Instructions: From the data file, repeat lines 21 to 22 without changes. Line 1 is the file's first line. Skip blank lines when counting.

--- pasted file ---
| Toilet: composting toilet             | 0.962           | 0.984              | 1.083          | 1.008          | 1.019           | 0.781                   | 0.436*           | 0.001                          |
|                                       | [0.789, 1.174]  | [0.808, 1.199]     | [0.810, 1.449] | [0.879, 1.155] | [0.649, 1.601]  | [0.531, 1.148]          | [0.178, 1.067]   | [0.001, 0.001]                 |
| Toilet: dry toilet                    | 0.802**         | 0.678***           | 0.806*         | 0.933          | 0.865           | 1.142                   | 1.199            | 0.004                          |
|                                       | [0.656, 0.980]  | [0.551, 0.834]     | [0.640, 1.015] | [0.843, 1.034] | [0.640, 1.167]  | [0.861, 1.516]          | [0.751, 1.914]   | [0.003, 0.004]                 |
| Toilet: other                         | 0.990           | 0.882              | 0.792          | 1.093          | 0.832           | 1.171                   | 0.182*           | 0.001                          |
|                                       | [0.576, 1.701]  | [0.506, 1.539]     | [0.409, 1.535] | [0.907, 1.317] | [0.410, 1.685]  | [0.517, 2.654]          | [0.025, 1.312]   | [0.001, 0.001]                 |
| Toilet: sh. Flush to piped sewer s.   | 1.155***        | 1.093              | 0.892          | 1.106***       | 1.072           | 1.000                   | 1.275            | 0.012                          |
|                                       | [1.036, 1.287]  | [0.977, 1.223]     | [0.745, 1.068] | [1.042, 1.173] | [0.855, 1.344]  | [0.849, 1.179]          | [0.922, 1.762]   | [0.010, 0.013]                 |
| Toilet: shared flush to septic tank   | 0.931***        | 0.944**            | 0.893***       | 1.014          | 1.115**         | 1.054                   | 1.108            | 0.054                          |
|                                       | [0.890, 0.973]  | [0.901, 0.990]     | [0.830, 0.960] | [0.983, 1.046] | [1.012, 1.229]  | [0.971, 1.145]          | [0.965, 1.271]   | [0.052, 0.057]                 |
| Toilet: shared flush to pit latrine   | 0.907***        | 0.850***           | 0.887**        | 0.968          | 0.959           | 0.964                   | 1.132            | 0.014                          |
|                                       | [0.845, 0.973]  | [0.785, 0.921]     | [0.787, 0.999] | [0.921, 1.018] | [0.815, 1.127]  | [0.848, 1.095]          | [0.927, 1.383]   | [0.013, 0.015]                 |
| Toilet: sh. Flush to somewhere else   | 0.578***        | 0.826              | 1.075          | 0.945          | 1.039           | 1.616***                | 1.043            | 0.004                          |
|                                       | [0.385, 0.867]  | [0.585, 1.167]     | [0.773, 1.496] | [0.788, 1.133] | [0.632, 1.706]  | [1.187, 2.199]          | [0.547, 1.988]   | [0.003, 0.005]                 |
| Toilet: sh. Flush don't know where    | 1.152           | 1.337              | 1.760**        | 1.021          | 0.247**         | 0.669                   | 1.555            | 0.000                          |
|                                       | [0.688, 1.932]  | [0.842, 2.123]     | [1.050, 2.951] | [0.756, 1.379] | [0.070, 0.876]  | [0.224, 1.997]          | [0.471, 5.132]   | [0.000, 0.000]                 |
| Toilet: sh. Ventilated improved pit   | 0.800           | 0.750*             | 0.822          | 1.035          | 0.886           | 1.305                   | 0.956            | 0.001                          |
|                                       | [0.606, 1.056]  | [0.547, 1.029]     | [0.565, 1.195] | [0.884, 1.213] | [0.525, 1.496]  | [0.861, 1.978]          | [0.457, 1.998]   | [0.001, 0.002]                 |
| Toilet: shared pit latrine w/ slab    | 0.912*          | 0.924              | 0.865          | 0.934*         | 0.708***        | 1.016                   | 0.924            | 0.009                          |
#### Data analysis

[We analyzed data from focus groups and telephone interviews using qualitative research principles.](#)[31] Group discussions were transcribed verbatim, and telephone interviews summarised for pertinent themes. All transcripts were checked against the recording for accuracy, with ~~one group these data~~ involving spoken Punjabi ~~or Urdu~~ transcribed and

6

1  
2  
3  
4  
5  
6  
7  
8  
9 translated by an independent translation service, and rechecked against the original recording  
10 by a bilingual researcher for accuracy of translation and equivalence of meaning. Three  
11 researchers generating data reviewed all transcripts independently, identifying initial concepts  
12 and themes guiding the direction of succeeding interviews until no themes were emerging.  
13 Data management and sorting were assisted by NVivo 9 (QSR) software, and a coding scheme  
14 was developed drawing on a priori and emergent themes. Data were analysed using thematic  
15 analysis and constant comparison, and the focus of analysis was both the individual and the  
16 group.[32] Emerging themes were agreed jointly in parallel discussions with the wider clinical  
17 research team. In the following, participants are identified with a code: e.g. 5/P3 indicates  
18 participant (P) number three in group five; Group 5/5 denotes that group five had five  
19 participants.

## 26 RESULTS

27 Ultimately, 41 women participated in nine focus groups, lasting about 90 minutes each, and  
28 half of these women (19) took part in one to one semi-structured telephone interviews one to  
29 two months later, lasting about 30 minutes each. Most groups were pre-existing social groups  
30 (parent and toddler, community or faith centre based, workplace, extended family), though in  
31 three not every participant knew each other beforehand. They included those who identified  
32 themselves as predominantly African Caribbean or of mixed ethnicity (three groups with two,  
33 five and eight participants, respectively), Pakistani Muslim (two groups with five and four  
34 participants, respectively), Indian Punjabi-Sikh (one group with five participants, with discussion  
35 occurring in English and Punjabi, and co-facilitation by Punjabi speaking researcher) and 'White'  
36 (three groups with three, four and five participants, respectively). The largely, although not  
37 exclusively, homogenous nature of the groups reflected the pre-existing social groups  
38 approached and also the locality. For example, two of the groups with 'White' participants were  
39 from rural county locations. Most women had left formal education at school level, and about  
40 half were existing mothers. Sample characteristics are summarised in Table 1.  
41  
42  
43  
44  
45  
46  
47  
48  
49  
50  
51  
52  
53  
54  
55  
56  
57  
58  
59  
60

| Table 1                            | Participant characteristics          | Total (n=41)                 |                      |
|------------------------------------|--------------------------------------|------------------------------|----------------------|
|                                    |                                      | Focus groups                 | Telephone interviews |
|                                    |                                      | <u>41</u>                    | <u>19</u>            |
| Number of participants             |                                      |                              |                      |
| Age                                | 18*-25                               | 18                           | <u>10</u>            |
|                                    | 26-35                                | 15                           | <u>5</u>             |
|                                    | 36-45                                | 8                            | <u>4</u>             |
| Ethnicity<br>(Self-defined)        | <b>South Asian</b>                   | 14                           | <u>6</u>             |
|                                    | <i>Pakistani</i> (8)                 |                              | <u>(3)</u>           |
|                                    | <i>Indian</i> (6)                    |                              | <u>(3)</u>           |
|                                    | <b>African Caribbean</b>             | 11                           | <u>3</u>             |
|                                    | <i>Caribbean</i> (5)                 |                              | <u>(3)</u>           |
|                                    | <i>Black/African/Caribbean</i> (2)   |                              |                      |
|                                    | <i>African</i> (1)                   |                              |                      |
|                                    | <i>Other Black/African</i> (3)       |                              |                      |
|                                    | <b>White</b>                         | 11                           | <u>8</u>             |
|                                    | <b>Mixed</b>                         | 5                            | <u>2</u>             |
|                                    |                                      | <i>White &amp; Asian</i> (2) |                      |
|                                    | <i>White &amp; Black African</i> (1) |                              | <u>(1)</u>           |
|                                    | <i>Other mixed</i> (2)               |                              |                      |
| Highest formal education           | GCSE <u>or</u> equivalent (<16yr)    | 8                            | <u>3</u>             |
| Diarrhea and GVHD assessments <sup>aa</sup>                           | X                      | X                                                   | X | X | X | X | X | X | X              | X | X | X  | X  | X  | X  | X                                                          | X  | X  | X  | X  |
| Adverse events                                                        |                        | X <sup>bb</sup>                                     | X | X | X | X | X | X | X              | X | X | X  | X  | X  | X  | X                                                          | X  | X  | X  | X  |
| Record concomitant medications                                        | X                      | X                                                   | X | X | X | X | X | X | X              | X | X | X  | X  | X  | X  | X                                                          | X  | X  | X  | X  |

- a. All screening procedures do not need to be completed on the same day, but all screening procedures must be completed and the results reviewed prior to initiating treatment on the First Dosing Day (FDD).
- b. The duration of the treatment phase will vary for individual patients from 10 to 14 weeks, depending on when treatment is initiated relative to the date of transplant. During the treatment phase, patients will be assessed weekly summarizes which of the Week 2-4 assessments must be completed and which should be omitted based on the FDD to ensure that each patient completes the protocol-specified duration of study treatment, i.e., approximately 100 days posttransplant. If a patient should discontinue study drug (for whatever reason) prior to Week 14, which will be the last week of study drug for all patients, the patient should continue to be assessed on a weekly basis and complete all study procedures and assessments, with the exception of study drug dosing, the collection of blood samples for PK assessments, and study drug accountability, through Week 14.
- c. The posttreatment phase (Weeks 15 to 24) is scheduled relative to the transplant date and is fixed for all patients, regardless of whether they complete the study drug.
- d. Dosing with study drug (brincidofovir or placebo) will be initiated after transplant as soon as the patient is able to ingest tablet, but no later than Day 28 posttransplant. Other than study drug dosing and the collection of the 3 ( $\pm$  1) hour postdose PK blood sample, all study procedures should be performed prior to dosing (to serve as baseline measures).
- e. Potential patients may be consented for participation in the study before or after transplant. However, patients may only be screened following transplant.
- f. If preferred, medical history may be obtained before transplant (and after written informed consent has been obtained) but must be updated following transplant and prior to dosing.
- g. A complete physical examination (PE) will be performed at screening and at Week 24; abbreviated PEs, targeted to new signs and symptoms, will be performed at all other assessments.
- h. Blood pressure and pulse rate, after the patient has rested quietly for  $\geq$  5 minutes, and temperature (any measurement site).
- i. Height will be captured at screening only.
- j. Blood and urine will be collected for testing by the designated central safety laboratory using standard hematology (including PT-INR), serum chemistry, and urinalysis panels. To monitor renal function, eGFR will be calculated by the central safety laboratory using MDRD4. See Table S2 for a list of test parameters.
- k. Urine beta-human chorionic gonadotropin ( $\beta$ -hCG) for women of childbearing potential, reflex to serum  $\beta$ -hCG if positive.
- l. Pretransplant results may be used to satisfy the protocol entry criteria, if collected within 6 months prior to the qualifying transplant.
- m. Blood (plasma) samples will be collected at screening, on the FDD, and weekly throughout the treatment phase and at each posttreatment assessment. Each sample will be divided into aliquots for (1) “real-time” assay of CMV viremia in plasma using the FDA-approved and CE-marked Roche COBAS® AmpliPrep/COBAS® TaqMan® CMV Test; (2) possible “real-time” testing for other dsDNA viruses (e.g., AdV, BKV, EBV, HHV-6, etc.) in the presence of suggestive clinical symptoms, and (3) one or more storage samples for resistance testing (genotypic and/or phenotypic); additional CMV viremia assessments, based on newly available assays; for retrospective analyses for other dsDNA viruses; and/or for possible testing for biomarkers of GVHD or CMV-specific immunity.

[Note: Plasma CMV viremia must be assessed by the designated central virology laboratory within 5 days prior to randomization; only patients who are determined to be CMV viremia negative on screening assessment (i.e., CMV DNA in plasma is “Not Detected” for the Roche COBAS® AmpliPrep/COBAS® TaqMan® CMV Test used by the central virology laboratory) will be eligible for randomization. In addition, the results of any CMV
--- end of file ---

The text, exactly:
[We analyzed data from focus groups and telephone interviews using qualitative research principles.](#)[31] Group discussions were transcribed verbatim, and telephone interviews summarised for pertinent themes. All transcripts were checked against the recording for accuracy, with ~~one group these data~~ involving spoken Punjabi ~~or Urdu~~ transcribed and

6